My Lords, does not my noble friend agree that the problem in regard to the health service in London is that the obsession about which we hear in this Chamber and read of outside regarding the hospital provision and the dominance that that provision has had on the budget of the health service in London has led to what is the poorest primary health service in the country? The Government must turn their hand to that.

Baroness Cumberlege

My Lords, my noble friend is right. I am sure that that will be a major plank in the Government's strategy for the future.

Lord Annan

My Lords, is it not correct that in some of the departments in our great teaching hospitals there is a waiting list; but, equally, in other departments there are vacant beds? Is not the answer the kind of rationalisation which was suggested in the Tomlinson Report? For instance, while rendering great gratitude to St. Bartholomew's Hospital for the services it renders to those who come and work in the square mile of the City of London, is it not reasonable that obstetrics and gynaecology should be concentrated at the Royal London Hospital? That hospital serves an area in which many babies are born, whereas one hopes that in the square mile of the City of London there are relatively few babies born.

Baroness Cumberlege

My Lords, I thank the noble Lord for that question and those comments. I am sure that he will make a major contribution to the debate which will be before us in the next few months.

Lord Hayhoe

My Lords, does not my noble friend agree that it is not the number of beds which is of high significance but rather the number of patients who are treated? To have beds which are not used efficiently and effectively does not help the healthcare provision in our capital city. Let us concentrate on patients while of course recognising the significance of beds in any specific specialty in a hospital.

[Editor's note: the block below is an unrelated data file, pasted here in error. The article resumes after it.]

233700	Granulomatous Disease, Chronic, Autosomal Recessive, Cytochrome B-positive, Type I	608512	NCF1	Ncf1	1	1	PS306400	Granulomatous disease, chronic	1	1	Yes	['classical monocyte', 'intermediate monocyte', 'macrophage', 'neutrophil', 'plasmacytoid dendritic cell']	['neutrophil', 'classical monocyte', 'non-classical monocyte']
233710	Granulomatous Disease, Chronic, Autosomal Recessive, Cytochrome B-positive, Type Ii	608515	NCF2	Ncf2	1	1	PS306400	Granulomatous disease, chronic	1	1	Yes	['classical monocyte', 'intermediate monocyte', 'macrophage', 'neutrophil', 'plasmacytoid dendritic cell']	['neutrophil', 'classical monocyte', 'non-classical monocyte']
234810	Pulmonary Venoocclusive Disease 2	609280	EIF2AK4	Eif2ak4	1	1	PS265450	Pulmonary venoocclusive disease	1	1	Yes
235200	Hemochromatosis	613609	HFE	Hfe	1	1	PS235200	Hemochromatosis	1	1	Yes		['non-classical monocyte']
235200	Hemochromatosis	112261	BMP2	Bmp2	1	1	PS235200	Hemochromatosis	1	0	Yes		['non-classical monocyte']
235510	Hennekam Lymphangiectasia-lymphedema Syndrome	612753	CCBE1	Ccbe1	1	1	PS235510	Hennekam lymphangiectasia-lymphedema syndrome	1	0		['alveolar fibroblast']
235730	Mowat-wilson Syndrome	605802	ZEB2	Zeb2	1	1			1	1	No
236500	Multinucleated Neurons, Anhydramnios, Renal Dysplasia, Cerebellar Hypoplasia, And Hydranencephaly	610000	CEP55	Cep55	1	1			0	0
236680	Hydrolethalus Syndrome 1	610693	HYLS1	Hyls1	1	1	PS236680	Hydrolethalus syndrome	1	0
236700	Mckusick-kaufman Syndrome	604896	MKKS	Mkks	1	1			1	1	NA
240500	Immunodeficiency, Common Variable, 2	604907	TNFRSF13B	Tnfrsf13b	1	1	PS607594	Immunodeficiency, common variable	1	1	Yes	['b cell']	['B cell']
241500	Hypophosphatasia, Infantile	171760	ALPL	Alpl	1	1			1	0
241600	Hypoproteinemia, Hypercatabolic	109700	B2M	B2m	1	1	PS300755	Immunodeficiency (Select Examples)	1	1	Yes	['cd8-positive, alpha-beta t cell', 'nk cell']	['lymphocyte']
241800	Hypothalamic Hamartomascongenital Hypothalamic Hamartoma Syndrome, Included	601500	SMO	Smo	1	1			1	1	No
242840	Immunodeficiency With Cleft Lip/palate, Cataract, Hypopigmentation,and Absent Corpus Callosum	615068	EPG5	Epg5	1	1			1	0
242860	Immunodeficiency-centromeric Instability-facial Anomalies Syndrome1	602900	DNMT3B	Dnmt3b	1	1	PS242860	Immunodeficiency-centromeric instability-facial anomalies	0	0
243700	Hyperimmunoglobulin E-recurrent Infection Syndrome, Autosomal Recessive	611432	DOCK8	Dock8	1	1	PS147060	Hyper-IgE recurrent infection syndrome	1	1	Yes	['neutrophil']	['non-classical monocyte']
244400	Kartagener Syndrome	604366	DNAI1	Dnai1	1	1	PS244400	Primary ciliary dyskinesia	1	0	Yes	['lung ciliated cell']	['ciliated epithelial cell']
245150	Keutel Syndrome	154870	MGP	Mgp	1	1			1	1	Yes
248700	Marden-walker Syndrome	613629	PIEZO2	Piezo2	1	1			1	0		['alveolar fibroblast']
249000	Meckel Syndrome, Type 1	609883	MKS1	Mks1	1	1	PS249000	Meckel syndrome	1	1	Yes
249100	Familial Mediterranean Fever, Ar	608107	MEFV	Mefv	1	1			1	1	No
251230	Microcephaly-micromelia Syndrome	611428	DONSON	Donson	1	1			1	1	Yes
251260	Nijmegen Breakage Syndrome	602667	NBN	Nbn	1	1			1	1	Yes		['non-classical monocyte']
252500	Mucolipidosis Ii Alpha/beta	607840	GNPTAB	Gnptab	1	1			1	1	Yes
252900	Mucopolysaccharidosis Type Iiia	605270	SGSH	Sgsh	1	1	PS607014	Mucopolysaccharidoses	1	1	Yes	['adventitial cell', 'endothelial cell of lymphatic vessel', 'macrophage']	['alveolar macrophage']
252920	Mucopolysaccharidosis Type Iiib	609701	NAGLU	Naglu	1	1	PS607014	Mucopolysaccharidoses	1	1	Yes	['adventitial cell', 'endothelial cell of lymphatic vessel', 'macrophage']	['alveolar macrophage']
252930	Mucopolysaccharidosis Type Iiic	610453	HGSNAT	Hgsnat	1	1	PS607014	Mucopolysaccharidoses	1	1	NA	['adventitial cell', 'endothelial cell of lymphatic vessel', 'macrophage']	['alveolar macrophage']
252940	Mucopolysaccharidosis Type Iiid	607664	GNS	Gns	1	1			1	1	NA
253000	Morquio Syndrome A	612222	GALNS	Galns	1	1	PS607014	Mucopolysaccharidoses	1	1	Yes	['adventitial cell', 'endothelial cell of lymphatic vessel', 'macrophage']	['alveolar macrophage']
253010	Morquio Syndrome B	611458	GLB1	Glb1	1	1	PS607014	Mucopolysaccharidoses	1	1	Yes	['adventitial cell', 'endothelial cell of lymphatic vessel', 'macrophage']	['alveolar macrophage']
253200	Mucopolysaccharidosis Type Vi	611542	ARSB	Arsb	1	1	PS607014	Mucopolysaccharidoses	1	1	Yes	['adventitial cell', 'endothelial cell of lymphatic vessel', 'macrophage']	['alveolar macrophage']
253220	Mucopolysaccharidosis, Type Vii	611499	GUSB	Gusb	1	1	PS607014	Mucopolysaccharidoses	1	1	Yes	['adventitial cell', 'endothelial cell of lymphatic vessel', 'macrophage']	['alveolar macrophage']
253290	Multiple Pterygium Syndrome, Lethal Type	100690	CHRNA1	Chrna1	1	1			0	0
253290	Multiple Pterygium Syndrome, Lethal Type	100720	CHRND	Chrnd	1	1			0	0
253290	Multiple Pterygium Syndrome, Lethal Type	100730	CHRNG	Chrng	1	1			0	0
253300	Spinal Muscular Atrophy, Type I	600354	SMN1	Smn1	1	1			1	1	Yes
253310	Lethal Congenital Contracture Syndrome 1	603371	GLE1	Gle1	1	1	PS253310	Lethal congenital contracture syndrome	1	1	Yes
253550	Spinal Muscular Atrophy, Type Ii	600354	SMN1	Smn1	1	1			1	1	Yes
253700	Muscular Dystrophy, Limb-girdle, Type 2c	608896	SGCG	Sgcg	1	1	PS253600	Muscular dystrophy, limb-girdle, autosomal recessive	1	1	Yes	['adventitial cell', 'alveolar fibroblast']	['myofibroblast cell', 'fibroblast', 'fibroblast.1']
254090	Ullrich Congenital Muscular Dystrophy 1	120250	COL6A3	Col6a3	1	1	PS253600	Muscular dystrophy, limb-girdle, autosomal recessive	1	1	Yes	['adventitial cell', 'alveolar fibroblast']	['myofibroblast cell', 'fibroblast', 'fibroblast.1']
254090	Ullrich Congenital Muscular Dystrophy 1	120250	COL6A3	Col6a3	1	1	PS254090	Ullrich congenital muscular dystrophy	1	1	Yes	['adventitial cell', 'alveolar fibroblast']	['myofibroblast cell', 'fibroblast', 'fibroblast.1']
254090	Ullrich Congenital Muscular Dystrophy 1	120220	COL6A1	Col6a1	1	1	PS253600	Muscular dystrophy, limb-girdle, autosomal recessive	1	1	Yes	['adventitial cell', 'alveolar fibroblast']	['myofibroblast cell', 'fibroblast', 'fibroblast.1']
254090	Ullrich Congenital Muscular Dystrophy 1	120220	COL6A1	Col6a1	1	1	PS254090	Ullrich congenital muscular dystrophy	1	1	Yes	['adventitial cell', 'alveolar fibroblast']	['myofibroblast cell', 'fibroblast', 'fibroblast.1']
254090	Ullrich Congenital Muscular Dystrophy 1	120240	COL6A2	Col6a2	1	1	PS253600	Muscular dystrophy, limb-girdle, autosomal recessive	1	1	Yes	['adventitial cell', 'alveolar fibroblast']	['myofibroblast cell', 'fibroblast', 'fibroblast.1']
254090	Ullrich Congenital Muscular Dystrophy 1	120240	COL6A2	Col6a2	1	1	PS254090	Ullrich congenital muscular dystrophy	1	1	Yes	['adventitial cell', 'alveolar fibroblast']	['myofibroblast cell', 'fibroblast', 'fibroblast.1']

Baroness Cumberlege

My Lords, my noble friend is correct. One of the great thrusts in the health service at the moment is the use of day-case surgery which does not involve beds at all. People prefer it; it is more efficient, and we know that in this respect London lags behind the rest of the country.

Lord Howell

My Lords, will the noble Baroness consider the experience I have just undergone? I spent several days in Westminster Hospital where the demand for emergency work was astronomical. On two occasions on two successive days four patients were brought into my ward when the previous occupants of the beds were still in them. That illustrates the demand. There were people from hostels and those who were tourists in the Westminster area; there were people from the large day-time working population. The suggestion that Westminster Hospital and possibly also St. Thomas's should close and that the whole of the Westminster area should be left with an inadequate amount of emergency beds is lunatic.

Baroness Cumberlege

My Lords, the reasons for some of those problems revert back to the earlier questions on primary care and its inadequacy in London. At this moment, I do not want to make any comment regarding the future of London hospitals. However, I can reassure the noble Lord that we shall be looking at accident and emergency services specifically. We recognise how crucial they are to people living and working in the City.

Lord Desai

My Lords, will the noble Baroness give us an assurance that primary healthcare facilities will be in place before beds are closed in London?

Baroness Cumberlege

My Lords, I am afraid your Lordships will have to wait for the announcement by my right honourable friend the Secretary of State in another place.